Leroy understood exactly what she was saying. He was just happy to see Riley happy.

            And now it was Thanksgiving. The family settled in around the huge table set up in the living room. Leroy and Riley. Leroy’s mom and dad and grandma and grandpa and his two brothers and two sisters. They were all there.

            Before they began eating, the family members went around the table and said one thing they were thankful for. This year everyone was thankful that Leroy was home, of course. Grandma and Leroy’s mother both added how happy they were that Riley was now with them. Even Leroy’s younger sister Betsy said, blushing, “I’m thankful for Riley. He makes me laugh.” Leroy had never seen his friend’s ears turn so red.

            Riley spread his arms wide and said, “I’m thankful for all of this, and all of you.” Then he looked at Leroy, and said, “And especially for my friend here. Who knows what would have happened to me?” He clasped Leroy on the shoulder. “Thanks, buddy.”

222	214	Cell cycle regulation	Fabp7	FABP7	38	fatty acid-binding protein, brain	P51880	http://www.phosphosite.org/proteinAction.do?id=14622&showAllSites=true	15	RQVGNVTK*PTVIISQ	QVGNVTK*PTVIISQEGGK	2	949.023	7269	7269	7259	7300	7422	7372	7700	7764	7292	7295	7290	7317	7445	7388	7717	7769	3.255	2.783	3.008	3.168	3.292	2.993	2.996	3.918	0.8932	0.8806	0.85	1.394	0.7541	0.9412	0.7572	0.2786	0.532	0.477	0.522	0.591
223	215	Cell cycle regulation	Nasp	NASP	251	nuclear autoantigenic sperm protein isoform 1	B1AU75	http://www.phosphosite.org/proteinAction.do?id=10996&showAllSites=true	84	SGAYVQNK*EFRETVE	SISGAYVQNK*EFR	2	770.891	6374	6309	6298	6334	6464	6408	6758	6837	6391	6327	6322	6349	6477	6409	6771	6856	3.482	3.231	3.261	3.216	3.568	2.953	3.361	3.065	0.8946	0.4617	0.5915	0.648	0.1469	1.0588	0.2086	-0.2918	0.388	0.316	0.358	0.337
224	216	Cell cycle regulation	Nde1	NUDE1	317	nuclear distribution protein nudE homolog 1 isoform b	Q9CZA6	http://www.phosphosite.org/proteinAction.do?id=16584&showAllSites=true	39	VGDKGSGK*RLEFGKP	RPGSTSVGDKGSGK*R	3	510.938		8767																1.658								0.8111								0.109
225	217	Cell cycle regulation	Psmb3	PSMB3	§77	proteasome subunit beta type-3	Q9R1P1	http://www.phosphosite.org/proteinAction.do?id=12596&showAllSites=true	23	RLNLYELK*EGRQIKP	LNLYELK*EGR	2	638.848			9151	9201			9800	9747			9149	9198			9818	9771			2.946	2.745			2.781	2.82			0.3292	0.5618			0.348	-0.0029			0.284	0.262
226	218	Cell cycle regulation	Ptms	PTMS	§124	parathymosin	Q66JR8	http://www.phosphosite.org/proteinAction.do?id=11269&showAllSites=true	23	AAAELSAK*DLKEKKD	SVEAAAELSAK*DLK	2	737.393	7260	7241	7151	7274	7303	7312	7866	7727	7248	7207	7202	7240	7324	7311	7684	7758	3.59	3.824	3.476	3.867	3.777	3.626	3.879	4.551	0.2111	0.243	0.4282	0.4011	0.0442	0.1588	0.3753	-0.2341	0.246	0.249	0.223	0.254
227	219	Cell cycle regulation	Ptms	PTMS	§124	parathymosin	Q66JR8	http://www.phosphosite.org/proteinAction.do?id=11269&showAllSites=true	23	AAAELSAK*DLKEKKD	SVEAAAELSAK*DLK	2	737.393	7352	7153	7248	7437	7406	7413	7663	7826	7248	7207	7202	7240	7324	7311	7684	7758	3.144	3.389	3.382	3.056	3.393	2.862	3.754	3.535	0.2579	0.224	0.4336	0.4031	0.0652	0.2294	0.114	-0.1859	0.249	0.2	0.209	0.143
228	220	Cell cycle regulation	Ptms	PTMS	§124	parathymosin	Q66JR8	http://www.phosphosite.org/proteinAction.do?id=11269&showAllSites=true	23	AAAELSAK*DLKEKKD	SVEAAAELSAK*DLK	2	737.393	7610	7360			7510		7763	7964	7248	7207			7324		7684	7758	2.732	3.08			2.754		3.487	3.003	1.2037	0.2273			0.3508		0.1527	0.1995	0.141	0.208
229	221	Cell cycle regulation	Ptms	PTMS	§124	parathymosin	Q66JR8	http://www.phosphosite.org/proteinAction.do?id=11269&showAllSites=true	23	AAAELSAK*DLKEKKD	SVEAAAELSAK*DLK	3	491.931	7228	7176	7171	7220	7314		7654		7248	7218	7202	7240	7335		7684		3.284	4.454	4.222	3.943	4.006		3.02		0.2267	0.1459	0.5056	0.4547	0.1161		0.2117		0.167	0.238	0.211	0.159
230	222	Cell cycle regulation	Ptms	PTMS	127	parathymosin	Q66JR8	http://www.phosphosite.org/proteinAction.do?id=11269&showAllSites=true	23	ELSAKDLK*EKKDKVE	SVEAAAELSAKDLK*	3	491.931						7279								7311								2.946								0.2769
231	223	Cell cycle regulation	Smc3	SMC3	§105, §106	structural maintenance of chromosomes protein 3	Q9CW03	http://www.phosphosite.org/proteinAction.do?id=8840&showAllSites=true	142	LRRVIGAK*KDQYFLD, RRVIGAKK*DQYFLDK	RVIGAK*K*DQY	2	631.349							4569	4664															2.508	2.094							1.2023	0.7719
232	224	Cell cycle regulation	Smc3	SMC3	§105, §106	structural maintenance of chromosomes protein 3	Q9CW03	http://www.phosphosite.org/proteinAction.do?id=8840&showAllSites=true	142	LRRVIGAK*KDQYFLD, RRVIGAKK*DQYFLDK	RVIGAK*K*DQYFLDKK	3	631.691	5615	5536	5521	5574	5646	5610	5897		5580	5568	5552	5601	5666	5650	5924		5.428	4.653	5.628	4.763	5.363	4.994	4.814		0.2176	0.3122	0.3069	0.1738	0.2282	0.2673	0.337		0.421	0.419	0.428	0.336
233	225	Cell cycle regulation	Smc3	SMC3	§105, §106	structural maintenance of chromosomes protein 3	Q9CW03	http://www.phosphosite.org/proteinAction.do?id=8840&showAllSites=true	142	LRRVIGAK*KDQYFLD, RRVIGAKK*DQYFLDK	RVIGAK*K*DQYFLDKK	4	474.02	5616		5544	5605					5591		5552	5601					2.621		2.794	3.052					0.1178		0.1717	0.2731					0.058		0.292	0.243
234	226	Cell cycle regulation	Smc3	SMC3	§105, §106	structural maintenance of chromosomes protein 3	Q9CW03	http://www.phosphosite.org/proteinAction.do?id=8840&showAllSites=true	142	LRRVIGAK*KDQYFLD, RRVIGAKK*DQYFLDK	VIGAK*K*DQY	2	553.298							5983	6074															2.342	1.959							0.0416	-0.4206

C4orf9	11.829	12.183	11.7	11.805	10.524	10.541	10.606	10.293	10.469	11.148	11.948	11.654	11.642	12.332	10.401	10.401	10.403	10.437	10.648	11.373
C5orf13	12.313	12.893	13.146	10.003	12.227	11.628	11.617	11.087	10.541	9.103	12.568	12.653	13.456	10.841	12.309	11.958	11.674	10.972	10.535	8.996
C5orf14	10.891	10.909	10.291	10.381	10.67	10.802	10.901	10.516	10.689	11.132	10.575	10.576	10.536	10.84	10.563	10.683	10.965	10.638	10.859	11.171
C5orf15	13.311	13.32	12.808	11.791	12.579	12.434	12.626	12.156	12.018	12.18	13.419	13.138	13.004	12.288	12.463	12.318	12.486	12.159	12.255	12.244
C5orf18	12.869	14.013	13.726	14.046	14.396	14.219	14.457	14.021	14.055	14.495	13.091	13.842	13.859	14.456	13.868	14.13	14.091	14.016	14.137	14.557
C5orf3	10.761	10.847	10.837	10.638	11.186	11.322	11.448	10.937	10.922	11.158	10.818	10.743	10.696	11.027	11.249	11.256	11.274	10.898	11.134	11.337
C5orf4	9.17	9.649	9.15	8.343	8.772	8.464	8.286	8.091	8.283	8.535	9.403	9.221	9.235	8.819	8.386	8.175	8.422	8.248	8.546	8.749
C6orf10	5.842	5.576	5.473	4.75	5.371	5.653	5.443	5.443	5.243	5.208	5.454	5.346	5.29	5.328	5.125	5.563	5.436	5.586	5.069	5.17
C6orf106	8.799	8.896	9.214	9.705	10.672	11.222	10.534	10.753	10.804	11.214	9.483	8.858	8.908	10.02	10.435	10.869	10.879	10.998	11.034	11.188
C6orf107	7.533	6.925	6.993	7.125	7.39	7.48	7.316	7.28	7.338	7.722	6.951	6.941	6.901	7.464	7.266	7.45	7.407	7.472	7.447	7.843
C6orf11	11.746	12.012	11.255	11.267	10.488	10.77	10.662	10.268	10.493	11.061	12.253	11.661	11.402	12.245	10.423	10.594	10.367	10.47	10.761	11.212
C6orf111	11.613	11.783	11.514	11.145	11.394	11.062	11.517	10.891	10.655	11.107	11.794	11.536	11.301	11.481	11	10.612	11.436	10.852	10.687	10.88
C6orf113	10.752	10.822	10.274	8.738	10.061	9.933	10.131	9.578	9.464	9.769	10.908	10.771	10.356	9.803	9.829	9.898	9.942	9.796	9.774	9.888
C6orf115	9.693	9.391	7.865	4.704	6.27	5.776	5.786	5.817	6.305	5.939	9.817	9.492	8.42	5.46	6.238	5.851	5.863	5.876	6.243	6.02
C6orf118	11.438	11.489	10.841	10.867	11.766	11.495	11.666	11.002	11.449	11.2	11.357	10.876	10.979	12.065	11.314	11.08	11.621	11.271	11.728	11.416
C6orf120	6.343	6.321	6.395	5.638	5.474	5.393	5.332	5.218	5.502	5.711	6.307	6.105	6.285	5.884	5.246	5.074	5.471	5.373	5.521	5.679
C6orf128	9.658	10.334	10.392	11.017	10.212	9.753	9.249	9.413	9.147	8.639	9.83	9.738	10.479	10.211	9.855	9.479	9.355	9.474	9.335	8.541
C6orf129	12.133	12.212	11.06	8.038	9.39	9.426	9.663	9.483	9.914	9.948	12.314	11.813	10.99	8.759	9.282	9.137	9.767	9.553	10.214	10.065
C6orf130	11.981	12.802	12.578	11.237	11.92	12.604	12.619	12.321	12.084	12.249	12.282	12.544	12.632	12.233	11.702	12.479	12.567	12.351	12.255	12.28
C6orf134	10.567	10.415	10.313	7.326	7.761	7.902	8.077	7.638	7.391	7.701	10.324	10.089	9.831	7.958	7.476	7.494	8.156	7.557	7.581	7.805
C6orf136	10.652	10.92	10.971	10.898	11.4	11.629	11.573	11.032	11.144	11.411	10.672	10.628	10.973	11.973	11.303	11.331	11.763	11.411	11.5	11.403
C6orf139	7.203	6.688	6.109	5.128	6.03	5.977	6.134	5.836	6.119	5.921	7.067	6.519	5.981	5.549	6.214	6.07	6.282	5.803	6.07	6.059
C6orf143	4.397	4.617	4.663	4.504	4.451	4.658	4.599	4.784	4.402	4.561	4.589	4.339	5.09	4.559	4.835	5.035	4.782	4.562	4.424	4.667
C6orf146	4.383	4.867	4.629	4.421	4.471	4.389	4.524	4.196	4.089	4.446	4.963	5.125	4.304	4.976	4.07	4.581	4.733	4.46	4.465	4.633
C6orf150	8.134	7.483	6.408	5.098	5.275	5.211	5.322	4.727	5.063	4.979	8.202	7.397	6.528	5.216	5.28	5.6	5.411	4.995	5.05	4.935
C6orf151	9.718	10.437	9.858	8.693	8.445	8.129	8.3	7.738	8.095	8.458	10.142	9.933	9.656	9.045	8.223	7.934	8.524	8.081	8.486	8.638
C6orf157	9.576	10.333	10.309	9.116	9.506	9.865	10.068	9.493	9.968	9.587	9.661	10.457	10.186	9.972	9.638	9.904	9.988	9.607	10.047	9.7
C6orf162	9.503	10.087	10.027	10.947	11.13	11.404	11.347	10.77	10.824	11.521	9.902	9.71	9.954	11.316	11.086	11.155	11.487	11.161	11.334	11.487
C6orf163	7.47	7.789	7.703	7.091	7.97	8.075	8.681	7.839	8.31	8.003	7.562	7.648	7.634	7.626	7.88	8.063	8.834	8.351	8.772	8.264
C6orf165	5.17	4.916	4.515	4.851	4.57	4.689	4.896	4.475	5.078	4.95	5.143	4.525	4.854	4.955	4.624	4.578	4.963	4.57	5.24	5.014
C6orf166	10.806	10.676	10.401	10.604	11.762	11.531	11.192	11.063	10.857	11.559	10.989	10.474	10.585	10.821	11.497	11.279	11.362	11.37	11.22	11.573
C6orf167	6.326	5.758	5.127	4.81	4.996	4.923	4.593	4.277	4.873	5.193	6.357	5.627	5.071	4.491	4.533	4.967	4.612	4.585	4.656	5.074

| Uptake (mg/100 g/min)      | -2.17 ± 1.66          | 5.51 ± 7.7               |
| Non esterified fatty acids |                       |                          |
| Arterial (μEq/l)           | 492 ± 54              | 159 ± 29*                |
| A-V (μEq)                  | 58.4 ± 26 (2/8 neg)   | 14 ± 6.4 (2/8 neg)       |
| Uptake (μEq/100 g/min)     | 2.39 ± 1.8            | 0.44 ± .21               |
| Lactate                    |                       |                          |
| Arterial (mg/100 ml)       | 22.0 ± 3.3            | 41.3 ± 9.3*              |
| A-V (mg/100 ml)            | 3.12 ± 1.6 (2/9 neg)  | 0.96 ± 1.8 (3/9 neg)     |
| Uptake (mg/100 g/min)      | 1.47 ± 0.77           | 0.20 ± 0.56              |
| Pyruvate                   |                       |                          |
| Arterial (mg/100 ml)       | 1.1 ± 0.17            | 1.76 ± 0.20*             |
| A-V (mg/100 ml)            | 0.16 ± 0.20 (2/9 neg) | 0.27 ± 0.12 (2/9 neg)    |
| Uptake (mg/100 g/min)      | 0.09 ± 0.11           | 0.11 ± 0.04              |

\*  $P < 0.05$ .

Leroy grinned. It was now his turn. He looked around the room, the fire crackling in the fireplace, the faces of those he loved smiling back at him, and a wonderful meal waiting to be shared by them all, and he spoke from his heart when he said, “I’m not one for words, so I’ll just say that I’m thankful to be alive and to be home.” He waved his hand encompassing the table, “With all of you.” Wiping a tear from his eye he added, “I don’t ever want to leave.”

            “Stay as long as you want,” his mother said, reaching over and taking his hand.

            “Yes, son. As long as you want,” his dad added.

            Then they both looked at Riley and said, together, “You, too.”

            Riley looked at Leroy. They’d both in their own ways gone through so much. It was good to feel the warm emotion emanating from those two good people.

            “Thank you,” Riley said.

            Then they had their dinner. And for both of them, Riley and Leroy, amidst all the other good things that had been happening to them recently, they’d never eaten anything that had ever tasted so good. And there was one other thing, too. They both had the sneaking suspicion that their days of living rough on the streets were over for good.

About the author

 Jim lives in a small town in Minnesota. He loves to write! His stories and poems have appeared in nearly 500 online and print publications. To learn more and to see all of his work, check out his blog at: